As do most little sisters I absolutely adored my older sister who was 4 years my elder. She was just so cool. In middle school, she started to wear the coolest clothes; black ripped up tights with a jean skirt and a white leather jacket with tassels on the sleeves. She even bleached her hair, wore dark eyeliner and red lipstick, and listened to The Cure. When she would have friends over after school, Mom and Dad still at work, I would take my box, which I had so carefully cut a thin eye hole slit into the side, and plop down in the middle of the living room so I could hang out with the cool kids…invisible of course. It turns out I was not so invisible.

“Jocelyn, get out of here!” Erika would yell, mortified. Her middle school friends would laugh.

“You are such a brat! I’m serious, get out!”

I would just sit there thinking that after a minute or two she would calm down and forget that a box had just walked in and plopped down in the middle of the room. Maybe they would start to think it really was just a box. And maybe they would just carry on about their business and I could sit there and watch the cool kids. Unfortunately for me it never worked out that way. It usually ended with my sister’s boyfriend, Frankie, bribing me with a kiss on the cheek in exchange for me going out to play in the back yard.

I wanted to do everything my sister did. I wanted to wear her eyeliner, and listen to her music even though I had no idea what the words were. I wanted to go hang out with her and her friends in the church parking lot around the corner or at the cemetery up the street while they smoked cigarettes. I definitely wanted to go toilet papering and ding dong ditching with them. And when I saw her practicing pitching in the back yard with my Dad one day, I wanted to play softball too.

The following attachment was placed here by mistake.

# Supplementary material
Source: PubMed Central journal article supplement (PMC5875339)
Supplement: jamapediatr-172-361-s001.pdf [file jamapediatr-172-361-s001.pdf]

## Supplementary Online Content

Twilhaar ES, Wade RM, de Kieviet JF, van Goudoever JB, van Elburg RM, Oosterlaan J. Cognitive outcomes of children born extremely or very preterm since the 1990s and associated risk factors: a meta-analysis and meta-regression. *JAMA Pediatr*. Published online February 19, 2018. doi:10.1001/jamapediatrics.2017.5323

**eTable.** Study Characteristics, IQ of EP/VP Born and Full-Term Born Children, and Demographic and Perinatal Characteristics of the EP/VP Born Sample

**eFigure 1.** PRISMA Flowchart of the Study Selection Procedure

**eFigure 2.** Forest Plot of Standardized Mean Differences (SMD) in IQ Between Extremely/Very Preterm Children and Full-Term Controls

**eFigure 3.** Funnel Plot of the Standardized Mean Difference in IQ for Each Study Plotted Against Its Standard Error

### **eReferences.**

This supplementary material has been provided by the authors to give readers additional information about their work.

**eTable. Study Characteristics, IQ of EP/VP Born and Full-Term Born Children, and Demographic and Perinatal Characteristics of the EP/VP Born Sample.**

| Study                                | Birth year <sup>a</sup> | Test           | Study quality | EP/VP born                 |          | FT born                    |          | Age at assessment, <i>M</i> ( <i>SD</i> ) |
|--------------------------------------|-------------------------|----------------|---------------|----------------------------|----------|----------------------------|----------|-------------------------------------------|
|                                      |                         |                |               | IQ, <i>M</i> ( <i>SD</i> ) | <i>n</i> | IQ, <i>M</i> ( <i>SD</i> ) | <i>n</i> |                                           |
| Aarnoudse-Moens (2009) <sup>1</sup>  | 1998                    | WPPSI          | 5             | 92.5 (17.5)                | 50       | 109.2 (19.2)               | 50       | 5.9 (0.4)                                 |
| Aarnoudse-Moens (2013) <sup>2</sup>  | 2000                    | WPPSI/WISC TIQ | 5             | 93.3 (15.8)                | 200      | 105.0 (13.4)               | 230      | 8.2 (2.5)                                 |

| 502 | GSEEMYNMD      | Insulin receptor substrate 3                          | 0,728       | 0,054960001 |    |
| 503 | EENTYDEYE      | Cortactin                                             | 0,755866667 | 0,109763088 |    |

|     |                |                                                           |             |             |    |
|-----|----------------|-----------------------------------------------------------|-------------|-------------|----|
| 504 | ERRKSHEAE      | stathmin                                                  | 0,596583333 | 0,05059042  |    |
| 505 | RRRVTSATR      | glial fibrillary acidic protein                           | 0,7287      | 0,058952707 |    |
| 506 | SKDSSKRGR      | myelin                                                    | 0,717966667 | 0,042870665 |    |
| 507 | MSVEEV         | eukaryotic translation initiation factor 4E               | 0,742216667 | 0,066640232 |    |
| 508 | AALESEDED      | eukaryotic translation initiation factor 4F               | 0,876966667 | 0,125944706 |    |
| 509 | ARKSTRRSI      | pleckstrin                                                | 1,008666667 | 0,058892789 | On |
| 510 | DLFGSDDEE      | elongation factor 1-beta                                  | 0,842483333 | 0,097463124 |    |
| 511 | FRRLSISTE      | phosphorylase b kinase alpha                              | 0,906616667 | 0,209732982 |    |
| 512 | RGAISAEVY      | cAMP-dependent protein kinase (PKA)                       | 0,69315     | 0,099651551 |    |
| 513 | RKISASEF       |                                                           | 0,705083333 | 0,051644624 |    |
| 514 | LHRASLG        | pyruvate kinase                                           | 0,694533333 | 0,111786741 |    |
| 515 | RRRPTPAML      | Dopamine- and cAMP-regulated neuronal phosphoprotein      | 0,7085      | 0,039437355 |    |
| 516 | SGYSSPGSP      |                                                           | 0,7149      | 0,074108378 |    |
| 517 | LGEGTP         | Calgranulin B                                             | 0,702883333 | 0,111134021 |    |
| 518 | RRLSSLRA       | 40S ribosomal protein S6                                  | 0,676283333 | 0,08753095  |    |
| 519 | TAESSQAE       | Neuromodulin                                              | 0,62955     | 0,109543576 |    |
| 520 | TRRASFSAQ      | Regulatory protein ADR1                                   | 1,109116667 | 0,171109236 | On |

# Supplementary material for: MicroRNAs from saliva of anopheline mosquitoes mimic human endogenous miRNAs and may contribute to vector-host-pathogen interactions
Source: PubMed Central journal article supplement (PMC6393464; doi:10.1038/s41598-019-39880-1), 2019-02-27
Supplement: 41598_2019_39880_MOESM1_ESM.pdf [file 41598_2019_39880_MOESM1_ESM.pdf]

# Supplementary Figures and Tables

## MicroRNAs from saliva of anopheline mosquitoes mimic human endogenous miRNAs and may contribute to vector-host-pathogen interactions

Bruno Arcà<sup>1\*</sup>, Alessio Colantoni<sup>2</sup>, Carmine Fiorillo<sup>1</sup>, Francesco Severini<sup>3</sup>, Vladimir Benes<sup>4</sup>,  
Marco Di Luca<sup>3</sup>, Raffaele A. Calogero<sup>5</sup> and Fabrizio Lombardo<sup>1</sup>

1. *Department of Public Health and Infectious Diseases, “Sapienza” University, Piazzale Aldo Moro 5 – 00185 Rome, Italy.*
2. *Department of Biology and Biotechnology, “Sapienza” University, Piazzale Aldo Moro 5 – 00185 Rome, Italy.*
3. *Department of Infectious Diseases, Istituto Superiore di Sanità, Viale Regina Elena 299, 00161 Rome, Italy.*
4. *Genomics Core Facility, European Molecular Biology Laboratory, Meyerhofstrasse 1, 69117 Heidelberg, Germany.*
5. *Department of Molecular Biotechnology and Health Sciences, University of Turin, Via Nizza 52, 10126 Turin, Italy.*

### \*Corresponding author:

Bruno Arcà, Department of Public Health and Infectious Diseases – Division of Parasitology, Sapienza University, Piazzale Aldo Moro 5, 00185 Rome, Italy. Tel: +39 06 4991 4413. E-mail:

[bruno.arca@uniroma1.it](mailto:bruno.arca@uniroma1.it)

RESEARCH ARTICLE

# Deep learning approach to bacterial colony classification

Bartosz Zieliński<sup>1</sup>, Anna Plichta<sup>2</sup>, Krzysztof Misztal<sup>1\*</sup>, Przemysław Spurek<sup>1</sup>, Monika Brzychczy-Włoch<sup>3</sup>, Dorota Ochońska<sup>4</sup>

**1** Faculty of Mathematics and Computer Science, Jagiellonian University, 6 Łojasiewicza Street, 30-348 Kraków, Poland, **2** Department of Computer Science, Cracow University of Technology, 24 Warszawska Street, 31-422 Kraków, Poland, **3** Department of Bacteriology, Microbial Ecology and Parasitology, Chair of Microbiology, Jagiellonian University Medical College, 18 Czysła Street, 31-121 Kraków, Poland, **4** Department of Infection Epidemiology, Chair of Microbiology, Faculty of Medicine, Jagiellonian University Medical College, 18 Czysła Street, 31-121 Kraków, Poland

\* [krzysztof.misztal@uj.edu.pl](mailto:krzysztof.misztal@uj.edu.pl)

I was about 9 years old when I joined my first team. We were called the Orioles and we were bright orange. I, of course, was the sucky kid who got stuck in right field where I was sure to never get a ball. I believe the official name for the position was "Rover," the name given to a fourth outfielder added to the field so more kids could play at one time. The first time I ever got up to bat against a fast windmill pitcher I watched three strikes go by in a row as my knees quivered. I was so scared I literally peed my pants. I remember because my dad yelled at my coach for not allowing me to go to the bathroom when I’d asked before the game.

“Do you see this? Look at her, she peed her fuckin pants!” he scolded her. My dad is one of those rare people that actually gets away with having a potty mouth, and with exception to this case, it's usually pretty funny.

“If she’s gotta go to the bathroom next time you’d better let her go!” I was so embarrassed I wished I’d had a box to crawl under.

My sister’s game was still in the 5th inning on the softball field caddy corner to us when my game was over. She was in the 14 and under division and she played for the Astros. They were forest green and got to wear real stirrups- not like us 10 and under kids who had to wear socks with a built-in stripe on the side. When I came over she was pitching against the Royals and I remember thinking that she had the coolest wind up. She would rock both her hands together passed her right hip and then burst into and underhand windmill. I stood there in my wet softball pants and thought, “That is so awesome. I could totally do that. I want to be a pitcher.”

The next day I asked my dad if we could start pitching in the back yard after school.


  1. Thank you for the best laugh Joc! I keep thinking to myself it's not possible to adore you any more and somehow you keep proving me wrong.